of our homeopathic clinical consultants and was followed for 5 weeks. The pilot studies showed reduced
tumor incidence, slower tumor growth, and reduced
mortality in the homeopathically treated group.
There were no significant differences in body weight
between groups, and animals also showed no visible
toxicity as measured by appetite and hair loss or lack
of movement (data not shown). The pilot studies
allowed us to calculate a sample size of 48 animals
per group for a statistically definitive test with an estimated 80% power to detect a 25% difference in mortality at the P < .05 level.
We then conducted a large, double-blind, randomized experiment to replicate the pilot studies and evaluate tumor incidence, growth, metastasis, and animal
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Jonas et al
Figure 1 Kaplan-Meier analysis of (a) homeopathy treatment tumor-free survival and (b) water treatment (controls) survival of
Copenhagen rats inoculated with MAT-LyLu cells. Homeopathic treatment resulted in a 23% decrease in tumor incidence
(P < .0001).
mortality. One hundred animals were selected for
either homeopathic or control water treatment using
a random number table. All preparations were coded,
and the codes were placed in a sealed envelope in a
locked drawer by a third party not involved in the
experiment. Data were sent to a statistician for blind
and independent evaluation, with the code broken
only after all evaluations were done.
Results
No significant differences in cell viability or gene
expression were seen on any cell line, with any drug,
or at any exposure time (data not shown). Thus,
these drugs have no direct cytotoxic or apoptotic
effects on prostate cancer cell lines. Two animals
from the homeopathy-treated group died on the first
day after inoculation of unknown cause. The median
time for the first appearance of tumor was 7 days in
the water-treated group and 11 days in the homeopathytreated group. The homeopathic group had a 23%
decrease in tumor incidence, with tumors occurring
in 36 of 47 animals. The tumor-free survival curves
differed significantly (log rank statistic 22.64, P <
.0001; Figure 1a). Animals that did not develop
tumors remained disease free until termination of the
experiment 10 weeks after cell inoculation. Median
time to sacrifice was 26 days in the water-treated control group and 31 days in the homeopathy-treated
group (P = .0002; Figure 1b).
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A decrease in tumor burden was observed in
animals that were treated with homeopathic medicines compared to control water–treated controls
(Figure 2a). After 3 weeks of tumor initiation, a
significant increase of tumor growth was observed.
homeo pathic treatment inhibited tumor growth.
Tumor-bearing animals receiving homeopathic remedies showed a 38% reduction in the mean tumor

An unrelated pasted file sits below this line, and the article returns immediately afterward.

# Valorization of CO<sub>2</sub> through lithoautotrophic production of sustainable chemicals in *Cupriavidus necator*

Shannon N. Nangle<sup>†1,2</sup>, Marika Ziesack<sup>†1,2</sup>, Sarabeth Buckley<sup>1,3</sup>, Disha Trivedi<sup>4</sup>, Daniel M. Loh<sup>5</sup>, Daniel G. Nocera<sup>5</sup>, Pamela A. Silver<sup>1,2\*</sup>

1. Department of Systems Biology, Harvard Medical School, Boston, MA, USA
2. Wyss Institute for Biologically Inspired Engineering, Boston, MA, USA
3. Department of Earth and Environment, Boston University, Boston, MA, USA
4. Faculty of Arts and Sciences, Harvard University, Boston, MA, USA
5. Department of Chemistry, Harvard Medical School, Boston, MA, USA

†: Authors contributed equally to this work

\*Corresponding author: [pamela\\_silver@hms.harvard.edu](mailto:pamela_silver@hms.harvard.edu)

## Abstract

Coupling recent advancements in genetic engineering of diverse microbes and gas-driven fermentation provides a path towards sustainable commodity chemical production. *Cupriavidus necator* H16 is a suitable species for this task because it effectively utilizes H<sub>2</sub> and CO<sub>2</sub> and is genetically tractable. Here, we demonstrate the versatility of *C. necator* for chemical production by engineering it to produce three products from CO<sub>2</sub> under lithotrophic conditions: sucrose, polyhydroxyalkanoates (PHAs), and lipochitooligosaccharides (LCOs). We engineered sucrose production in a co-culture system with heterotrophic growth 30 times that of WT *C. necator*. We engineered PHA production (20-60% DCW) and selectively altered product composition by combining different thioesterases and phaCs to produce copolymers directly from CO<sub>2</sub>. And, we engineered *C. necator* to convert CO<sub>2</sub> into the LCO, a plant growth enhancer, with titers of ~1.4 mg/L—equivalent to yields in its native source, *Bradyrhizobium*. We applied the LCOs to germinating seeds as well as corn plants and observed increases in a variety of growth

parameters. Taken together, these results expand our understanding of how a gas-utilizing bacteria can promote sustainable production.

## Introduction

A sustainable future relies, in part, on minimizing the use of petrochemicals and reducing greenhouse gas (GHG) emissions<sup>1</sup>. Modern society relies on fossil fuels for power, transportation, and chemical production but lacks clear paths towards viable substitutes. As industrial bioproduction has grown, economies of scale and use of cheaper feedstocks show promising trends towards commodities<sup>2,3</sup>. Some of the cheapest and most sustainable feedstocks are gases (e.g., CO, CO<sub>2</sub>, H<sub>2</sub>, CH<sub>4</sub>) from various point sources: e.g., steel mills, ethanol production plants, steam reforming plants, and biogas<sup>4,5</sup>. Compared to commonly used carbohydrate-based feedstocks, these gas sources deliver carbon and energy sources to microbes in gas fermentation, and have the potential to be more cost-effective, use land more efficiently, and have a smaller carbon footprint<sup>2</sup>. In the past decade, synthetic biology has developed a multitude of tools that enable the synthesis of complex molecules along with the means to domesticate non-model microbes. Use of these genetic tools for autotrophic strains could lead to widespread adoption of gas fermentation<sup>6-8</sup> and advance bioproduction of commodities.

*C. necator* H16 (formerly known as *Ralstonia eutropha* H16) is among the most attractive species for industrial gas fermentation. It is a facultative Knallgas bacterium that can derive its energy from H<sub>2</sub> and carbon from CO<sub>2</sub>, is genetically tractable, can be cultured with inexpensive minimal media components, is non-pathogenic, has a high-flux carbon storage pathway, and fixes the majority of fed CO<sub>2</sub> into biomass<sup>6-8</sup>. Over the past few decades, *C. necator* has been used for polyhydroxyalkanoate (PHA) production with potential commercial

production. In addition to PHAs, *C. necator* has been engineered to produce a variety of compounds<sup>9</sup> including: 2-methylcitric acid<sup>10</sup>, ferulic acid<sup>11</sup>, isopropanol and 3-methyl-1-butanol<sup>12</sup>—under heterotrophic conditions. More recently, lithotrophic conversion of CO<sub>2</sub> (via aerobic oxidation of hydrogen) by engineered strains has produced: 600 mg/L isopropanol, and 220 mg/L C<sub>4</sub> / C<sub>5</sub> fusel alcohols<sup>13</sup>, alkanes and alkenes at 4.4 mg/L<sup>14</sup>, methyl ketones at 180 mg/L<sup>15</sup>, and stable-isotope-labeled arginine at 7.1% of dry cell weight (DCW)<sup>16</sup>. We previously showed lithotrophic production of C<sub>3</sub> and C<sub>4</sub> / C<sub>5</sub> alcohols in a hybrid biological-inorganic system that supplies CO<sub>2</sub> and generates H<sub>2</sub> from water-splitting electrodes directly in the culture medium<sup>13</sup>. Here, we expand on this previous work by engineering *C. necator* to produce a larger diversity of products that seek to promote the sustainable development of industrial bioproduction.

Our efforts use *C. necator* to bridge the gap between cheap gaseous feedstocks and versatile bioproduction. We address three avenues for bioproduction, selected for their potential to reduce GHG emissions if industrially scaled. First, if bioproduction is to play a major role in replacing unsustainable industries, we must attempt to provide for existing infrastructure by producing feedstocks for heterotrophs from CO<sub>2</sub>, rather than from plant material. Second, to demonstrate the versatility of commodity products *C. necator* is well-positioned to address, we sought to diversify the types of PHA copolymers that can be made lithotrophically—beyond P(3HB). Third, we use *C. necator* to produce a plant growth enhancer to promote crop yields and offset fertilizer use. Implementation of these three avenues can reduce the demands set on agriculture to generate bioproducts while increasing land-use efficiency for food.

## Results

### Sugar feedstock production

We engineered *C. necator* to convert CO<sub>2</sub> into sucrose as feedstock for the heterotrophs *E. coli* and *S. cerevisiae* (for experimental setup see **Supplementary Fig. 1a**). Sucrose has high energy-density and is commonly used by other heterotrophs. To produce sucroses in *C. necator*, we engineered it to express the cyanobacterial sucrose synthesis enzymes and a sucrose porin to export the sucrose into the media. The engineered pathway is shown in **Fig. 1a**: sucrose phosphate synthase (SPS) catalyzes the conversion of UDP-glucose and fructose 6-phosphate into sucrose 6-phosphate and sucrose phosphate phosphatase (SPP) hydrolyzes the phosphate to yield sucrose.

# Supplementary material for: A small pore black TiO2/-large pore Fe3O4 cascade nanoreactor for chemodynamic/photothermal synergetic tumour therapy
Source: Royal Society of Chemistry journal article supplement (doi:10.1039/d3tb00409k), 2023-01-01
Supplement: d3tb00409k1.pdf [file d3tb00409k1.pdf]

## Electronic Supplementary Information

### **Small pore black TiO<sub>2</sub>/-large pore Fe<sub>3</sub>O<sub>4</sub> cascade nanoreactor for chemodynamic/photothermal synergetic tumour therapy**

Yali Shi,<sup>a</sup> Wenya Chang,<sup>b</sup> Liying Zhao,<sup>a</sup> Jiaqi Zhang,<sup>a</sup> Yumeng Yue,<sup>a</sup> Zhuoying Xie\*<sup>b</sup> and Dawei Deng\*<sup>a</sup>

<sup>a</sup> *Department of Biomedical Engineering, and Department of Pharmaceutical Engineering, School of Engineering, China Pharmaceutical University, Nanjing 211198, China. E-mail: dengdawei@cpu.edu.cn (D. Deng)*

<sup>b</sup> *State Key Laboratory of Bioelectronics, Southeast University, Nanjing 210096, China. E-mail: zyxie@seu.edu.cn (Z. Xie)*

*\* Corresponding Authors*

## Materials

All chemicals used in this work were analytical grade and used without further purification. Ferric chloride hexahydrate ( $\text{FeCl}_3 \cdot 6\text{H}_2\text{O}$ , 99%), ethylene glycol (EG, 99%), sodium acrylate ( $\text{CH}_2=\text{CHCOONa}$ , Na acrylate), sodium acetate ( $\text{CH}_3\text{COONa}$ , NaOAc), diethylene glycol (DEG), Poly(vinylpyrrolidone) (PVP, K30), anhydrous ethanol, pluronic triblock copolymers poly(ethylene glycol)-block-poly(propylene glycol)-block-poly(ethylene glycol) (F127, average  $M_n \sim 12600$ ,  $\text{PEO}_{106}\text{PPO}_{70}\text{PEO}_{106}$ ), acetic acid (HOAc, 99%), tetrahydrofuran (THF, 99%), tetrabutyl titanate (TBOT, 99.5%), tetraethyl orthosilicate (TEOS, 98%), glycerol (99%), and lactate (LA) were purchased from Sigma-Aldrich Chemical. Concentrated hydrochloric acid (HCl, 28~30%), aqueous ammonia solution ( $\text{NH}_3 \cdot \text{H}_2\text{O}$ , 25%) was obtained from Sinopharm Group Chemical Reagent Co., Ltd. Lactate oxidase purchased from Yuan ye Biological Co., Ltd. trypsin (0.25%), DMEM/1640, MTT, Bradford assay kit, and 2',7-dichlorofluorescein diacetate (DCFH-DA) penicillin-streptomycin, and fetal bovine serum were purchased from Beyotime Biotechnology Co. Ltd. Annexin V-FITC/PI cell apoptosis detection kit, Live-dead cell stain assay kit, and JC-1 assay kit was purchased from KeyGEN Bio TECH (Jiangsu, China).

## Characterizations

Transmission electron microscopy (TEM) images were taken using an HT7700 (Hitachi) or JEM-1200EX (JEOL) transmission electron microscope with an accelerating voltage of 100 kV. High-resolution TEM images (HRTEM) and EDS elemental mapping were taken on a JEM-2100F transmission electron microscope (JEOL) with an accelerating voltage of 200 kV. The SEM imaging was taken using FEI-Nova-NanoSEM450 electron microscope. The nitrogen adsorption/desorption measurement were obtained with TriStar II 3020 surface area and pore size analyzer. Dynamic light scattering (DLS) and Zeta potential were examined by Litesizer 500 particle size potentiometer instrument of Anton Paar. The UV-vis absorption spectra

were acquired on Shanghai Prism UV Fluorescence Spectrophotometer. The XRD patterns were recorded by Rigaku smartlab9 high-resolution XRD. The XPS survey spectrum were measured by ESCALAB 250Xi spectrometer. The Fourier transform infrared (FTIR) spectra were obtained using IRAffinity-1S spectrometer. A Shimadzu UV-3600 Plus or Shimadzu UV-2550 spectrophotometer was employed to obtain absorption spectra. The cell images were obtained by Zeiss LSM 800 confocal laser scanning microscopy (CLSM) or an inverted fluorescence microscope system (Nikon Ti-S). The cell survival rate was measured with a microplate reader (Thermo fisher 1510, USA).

volume 30 days after inoculation compared to control water–treated animals (P < .02). At the time of
killing, there was a 5.5 g (approximately 13%) lower
average tumor weight for the homeopathy-treated
group compared to the control water–treated group
(P < .05; Figure 2b).
Among animals with primary tumors, there was a
nonsignificant (P = .693) difference between the
homeopathy-treated (5.7%) and control water–treated
groups (10.4%) in visible lung metastases. Blinded
histopathological examination of control water–treated
animals showed numerous unencapsulated nodular
accumulations of neoplastic cells that frequently surrounded small vessels or were adjacent to bronchovascular structures. The histologic features of lung tumor
nodules in the homeopathy-treated animals with primary tumors were comparatively smaller.
To explore possible mechanisms of these effects, we
evaluated the cell proliferation and apoptotic cell
death in tumor tissues. There was a 6% reduction in
PCNA-positive cells in the homeopathy-treated group
INTEGRATIVE CANCER THERAPIES 5(4); 2006
Prostate Cancer and Homeopathy
Figure 2 Effect of homeopathic treatment on tumor growth in Copenhagen rats inoculated with MAT-LyLu cells, (a) tumor volume
and (b) tumor weight. (a) Tumor-bearing animals receiving homeopathic remedies showed a 38% reduction in the geometric mean tumor volume after 4 weeks of inoculation compared to control water–treated animals ( P < .02). By day 30, all
control animals had been killed. Day 34 and 37 control data represent day 30 data carried forward for comparison. (b) At
the time of killing, there was a 5.5 g (approximately 13%) lower average tumor weight for the homeopathy-treated group
compared to the control water–treated group (P < .05). Error bars represent 1 standard error of the mean.
Figure 3 Proliferating cell nuclear antigen (PCNA) assay of tumor tissues from homeopathy-treated untreated animals. (A)
Representative picture for histologic detection of cellular proliferation in tumors. Tumor tissue sections were stained by antibody